We have all noticed how the job world is changing. Together with the current recession this is more than a little scary for most of us. We have to ask ourselves how we can prepare for the change and adapt to the new working environment. Here's what you can do to be ready for the hostile new world of employment.
Survival of the flexible â not the fittest
Nature is heartless and cruel. It has no sympathy for the failed and ruthlessly destroys anyone who can't stay in the game â no matter how unfair that game is. But the strong ones don't necessarily have the edge you might expect. The surviving species of any disaster or changing environment is the one that can adapt to new circumstances. The sabre tooth tiger was a very powerful predator, bigger and stronger than today's tigers and yet, it couldn't survive. This was because, being so heavily armed, it couldn't chase its prey well. It relied on ambushing an unsuspecting animal that walked past some thick bushes. But the climate changed, and the bushes disappeared so there were no means to hide and therefore no way to surprise an animal. Game over for the sabre tooth. The lighter built predators had a chance because they could learn to chase. Next level for the flexible players.
Granted, that little story is over simplified. But, there could be a billion other examples that illustrate the same point: Survival of the flexible. This is no different for us humans. If you're working in an industry, which could be collapsing, then you've got a far greater chance of staying employed or finding employment if you're able to switch fields.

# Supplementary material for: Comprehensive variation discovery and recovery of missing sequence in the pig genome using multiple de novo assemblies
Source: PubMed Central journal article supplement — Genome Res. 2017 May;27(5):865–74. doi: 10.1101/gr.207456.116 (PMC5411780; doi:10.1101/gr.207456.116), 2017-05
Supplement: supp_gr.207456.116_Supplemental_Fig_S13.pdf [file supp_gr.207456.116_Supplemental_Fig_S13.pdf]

There was a time when people trained for a profession and stuck with it until their retirement. You didn't only 'have a job', but you identified with it. You would say "I am a teacher" or "I'm a mechanic" or "I'm a baker", but today and more so in the future you're likely to say "I work as a teacher" or "I'm currently doing some web design" or "I have a job as a care taker". I know the difference sounds small and trivial but the implications are huge. The days were we identified with the job we're doing are numbered. A job is becoming more and more like a temporary necessity. Sticking with it with loyalty for decades will not earn you the reward points it used to. Job security is a luxury that our future economy cannot support. So we must get used to the fact that our employers will drop us like a potato as soon as it suits them. I know that's not 'nice' but it is how things have always been in nature. I understand anyone despairing after they loose the job they're most qualified for. But today's job market doesn't care about despair. It only cares about what it needs. Thats not how things should be but it is how things are.
How to prepare for future employment